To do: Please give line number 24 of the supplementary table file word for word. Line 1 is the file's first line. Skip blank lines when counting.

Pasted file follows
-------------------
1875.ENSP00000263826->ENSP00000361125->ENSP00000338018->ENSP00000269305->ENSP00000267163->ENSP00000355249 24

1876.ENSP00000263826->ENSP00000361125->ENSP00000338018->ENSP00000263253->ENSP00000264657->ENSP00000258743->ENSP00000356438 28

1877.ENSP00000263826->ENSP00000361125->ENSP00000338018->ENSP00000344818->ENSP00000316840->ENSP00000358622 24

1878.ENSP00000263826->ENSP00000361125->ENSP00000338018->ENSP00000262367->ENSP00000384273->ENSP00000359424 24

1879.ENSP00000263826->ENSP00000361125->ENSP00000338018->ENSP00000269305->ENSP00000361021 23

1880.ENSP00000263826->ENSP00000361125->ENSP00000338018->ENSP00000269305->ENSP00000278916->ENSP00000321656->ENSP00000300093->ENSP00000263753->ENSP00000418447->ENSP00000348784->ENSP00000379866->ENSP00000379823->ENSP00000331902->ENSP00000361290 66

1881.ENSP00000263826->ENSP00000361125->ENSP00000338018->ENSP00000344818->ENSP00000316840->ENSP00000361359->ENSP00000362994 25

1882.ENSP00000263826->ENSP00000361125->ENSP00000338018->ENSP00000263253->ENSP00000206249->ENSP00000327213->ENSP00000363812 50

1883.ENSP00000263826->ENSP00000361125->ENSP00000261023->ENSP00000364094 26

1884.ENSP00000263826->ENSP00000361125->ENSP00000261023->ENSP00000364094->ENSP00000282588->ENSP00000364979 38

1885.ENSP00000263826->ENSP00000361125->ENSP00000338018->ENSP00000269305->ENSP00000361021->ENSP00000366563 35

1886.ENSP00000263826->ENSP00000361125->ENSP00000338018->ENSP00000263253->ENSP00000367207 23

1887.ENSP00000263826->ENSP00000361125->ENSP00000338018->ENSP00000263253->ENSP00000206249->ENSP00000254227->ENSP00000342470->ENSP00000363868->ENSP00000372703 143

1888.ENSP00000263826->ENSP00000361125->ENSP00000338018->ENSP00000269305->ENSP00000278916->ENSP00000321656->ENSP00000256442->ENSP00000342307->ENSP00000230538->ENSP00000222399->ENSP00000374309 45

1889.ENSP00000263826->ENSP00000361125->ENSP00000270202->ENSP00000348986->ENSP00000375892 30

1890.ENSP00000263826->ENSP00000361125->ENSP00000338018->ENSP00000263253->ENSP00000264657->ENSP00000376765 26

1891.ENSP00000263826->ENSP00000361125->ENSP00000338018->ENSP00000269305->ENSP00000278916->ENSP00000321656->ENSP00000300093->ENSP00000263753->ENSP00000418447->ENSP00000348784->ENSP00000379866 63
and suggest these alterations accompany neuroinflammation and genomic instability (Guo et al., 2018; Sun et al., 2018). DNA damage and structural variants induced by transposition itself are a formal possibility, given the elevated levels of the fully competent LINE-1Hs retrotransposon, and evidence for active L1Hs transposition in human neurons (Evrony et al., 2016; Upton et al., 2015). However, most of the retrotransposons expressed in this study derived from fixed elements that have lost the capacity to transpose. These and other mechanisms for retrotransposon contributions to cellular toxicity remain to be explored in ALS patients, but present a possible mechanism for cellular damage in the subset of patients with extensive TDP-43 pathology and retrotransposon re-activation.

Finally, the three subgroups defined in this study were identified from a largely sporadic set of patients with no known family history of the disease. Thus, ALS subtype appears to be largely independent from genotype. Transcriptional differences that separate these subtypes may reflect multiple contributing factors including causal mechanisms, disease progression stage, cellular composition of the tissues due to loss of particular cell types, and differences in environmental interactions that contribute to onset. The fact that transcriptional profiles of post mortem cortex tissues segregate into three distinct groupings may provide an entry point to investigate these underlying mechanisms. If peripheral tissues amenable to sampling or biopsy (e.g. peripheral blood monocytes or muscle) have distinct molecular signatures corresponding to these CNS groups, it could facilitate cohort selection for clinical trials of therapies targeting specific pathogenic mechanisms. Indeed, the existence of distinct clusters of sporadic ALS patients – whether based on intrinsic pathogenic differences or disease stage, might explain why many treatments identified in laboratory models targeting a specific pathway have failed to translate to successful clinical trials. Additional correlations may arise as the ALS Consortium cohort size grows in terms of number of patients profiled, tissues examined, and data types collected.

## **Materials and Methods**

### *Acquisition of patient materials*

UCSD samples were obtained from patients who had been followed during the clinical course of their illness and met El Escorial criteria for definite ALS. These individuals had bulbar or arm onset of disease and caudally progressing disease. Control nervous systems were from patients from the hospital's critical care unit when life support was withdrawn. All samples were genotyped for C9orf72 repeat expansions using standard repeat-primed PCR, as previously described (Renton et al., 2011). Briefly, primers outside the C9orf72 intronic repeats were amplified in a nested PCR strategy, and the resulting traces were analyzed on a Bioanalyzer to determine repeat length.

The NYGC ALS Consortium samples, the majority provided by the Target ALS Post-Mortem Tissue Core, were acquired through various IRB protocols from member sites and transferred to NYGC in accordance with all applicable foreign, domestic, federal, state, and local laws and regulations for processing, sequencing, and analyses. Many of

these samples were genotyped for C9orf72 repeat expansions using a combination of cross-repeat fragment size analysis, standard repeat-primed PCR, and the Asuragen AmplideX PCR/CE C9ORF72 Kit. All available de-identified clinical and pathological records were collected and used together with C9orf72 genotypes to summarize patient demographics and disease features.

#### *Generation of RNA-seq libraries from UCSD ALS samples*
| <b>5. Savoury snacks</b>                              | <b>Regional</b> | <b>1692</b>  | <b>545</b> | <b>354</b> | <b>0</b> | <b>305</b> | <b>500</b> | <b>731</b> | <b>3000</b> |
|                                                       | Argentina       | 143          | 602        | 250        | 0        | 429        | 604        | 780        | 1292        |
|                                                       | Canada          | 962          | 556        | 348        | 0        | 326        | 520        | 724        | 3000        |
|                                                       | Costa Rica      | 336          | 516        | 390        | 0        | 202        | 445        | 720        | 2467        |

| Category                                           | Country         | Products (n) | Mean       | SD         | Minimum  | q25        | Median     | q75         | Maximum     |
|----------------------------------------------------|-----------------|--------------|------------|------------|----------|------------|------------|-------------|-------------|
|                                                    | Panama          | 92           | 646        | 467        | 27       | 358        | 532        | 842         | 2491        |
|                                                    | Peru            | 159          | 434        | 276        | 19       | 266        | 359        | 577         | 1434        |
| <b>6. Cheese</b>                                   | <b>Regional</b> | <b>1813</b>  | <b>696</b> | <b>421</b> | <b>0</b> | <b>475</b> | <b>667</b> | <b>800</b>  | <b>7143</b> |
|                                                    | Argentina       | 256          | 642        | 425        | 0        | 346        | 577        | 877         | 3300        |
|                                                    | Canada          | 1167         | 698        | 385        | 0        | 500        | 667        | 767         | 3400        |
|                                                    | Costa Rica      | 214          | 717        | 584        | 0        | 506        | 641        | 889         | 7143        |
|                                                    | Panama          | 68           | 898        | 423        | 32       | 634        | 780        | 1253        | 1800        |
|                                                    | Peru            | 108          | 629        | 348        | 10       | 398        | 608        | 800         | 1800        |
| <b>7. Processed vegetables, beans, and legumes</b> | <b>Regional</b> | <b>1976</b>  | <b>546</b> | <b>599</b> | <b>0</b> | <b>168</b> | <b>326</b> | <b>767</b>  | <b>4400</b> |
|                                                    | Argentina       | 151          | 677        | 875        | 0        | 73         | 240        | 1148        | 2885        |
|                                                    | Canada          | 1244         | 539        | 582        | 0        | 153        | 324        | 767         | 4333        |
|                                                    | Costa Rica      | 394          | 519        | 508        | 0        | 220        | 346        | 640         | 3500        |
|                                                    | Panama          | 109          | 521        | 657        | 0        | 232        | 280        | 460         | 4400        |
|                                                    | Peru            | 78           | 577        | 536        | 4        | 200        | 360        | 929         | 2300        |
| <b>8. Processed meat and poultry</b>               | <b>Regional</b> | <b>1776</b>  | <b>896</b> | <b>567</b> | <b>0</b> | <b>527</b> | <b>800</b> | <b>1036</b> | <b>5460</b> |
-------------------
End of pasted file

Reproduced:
these samples were genotyped for C9orf72 repeat expansions using a combination of cross-repeat fragment size analysis, standard repeat-primed PCR, and the Asuragen AmplideX PCR/CE C9ORF72 Kit. All available de-identified clinical and pathological records were collected and used together with C9orf72 genotypes to summarize patient demographics and disease features.